Ben Cantrick (mackys) wrote,
Ben Cantrick

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Quit damning C with your faint praise.

Here’s the thing: C is everywhere. Recently Tim Bray made basically the same point; all the major operating systems, all the high-level language runtimes, all the databases, and all major productivity applications are written in C. And there are many other categories of software that I haven’t even mentioned, all written in C.

So can you as a developer choose to ignore it? Live in high-level language land for your entire career? I would say almost certainly not. High-level languages often provide abstractions that relieve you from the burden of dealing with the platform on which you’re building. Which is great, but sooner or later a crack is going to open up and the abstraction is going to leak.

Some day you’ll need to go spelunking into the depths of your runtime environment. Maybe you’ll need to call some other C-based API for which you don’t have a convenient wrapper in your high-level language of choice. Like, say, mmap-ing a part of a file instead of the whole thing. Or maybe you’ll just want a bit of a performance boost. And on that day, boy will you wish you knew C.

It’s for this pragmatic and entirely non-bigoted reason that I promoted C to the top of my language pantheon. If you’ve never learned C, it means you’ll never be able to delve too deeply into the foundations your programming environment and find out exactly what is happening under the surface, or to extend it in any way.

Do these arguments ("it underlies everything", "you need it for maximum performance", "it's the only way to do certain things") sound familiar at all?

How about if you s/C/assembler/g and read again?

C will go the way of assembly sooner or later. All the same arguments are being made in its defense. The only question is, how long will it take? Don't get me wrong - I like C, and I hope it will be a long, long time before it goes away. But don't kid yourself. Nobody learns assembly any more (except for embedded engineers and a few EEs), and there will come a day when C suffers the same fate.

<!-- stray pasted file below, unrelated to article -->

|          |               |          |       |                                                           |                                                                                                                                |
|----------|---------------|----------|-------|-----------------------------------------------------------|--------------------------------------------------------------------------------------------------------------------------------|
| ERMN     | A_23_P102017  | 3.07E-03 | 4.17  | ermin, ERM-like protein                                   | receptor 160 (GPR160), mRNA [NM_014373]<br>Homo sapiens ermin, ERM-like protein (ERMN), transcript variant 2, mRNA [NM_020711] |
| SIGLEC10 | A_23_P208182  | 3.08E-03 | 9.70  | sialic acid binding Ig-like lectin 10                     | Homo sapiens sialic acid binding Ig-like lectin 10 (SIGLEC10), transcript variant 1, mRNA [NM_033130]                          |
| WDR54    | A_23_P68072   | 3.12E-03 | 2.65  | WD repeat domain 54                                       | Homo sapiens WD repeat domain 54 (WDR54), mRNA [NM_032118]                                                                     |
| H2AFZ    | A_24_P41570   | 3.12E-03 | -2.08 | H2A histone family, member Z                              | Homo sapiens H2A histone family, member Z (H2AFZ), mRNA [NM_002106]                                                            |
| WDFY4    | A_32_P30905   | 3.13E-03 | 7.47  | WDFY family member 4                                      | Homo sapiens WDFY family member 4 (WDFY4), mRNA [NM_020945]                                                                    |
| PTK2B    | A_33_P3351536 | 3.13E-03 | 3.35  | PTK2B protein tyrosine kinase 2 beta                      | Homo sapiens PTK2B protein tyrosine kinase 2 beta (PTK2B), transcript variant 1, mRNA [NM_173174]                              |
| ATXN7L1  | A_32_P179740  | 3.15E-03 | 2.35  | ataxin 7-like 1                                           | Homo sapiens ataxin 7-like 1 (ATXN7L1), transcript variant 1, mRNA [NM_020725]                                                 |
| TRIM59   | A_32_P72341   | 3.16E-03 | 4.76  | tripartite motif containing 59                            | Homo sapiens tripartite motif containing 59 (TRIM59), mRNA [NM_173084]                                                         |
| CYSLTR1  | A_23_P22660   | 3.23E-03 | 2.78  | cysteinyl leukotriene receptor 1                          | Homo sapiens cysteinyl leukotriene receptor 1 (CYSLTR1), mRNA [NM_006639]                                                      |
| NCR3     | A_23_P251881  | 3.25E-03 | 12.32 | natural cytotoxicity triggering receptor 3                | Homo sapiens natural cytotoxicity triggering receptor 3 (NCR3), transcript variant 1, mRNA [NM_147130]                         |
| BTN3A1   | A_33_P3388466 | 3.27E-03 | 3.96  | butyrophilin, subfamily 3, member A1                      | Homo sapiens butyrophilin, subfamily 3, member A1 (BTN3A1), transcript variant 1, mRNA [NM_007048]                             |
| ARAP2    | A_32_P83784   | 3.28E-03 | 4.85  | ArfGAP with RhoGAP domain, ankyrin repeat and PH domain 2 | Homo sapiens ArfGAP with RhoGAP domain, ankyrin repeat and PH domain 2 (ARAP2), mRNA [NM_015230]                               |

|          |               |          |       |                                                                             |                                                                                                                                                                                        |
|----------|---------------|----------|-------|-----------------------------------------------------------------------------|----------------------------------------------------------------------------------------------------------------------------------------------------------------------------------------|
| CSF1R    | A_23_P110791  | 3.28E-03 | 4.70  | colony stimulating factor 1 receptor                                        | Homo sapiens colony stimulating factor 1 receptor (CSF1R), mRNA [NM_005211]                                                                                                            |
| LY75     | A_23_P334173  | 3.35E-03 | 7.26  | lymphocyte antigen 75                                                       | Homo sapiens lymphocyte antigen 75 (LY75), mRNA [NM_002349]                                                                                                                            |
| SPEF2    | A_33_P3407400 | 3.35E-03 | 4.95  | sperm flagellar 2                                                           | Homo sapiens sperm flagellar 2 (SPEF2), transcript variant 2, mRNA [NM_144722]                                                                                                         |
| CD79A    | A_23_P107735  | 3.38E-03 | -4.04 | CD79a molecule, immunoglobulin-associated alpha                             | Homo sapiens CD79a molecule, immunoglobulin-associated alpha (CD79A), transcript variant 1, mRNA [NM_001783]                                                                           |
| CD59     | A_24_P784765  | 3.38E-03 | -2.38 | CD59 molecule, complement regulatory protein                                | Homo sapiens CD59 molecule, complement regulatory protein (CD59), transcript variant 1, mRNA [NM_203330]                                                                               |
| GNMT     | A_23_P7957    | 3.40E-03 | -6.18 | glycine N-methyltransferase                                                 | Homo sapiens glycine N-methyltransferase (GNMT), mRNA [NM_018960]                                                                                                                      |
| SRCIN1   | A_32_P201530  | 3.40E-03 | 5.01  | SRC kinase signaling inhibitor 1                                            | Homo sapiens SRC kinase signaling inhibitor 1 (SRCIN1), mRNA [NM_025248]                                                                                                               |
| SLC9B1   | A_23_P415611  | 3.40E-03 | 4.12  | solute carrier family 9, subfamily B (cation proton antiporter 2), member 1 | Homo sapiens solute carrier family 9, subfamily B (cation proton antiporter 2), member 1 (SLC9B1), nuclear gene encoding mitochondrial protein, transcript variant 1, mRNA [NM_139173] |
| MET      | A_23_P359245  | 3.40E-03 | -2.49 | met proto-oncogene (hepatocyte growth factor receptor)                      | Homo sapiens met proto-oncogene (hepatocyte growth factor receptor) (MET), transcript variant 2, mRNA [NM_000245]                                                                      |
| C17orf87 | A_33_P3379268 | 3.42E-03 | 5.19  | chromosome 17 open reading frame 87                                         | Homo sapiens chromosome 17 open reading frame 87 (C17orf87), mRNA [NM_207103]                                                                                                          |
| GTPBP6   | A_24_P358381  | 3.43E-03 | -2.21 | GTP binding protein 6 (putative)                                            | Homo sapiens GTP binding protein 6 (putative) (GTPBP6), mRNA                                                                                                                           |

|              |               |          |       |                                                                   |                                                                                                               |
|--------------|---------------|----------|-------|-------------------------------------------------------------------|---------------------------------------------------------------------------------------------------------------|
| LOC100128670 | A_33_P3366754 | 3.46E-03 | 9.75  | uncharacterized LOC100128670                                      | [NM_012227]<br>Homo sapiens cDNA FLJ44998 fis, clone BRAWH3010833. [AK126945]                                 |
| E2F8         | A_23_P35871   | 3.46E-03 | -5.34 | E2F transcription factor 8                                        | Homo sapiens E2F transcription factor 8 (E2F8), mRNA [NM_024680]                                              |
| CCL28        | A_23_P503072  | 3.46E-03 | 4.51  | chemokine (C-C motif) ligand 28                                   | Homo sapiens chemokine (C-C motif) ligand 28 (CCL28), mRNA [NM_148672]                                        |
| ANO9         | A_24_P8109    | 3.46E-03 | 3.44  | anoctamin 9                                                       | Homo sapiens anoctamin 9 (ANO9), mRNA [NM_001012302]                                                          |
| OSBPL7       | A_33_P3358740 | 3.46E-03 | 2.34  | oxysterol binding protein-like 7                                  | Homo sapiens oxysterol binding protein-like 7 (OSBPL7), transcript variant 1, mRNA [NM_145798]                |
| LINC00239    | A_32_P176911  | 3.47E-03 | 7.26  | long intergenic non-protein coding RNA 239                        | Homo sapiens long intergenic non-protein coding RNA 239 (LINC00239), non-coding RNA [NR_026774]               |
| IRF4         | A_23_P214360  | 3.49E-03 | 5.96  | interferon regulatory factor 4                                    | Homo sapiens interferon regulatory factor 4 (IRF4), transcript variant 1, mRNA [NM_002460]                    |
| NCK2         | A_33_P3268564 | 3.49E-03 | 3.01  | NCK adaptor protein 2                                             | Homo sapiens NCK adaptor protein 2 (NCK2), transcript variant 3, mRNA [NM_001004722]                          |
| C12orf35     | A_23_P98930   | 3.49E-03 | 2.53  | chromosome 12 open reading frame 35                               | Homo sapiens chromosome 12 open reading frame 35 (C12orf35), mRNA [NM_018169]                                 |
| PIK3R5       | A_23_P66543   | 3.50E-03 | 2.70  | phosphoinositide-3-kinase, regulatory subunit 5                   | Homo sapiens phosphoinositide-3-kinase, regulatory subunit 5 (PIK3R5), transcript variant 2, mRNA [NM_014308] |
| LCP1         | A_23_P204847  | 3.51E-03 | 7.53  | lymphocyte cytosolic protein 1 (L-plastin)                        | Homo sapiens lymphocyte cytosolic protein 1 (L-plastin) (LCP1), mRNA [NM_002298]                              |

And frankly, I find all this over-blown defense of C to be stupid. Quit damning C with faint praise. It is a perfectly good programming language on its own merits. So good, in fact, that it's spawned a horde of imitators and knock-offs. C++, Java, C#, etc, etc - they're all based on C syntax. Partly a historical accident? Sure. But ask yourself this: if it's only about history, why didn't FORTRAN or COBOL come to dominate? You pretty much have to concede that C is awfully good for a language invented 35 years ago.

If you really want to defend C, how about less of this "well, you have to know it, because everyone else knows it!" argument-from-popularity bullshit1, and a little more of the "C is a good language because..." A) it's relatively simple and clean, B) anything you want to do, someone HAS done it before in C, and you can probably download the code, and C) yeah, okay, when performance does matter2, C is a reasonable choice.

N.B. Pre-emptive stike against the C++ weenies: NONE of the above arguments are meant, in any way, to defend or endorse C++. I am talking about, at most, C99 here.

1 Save that for your vi vs emacs holy wars. Lamer.
2 Which it very often does not - see Programming As If Performance Matters.
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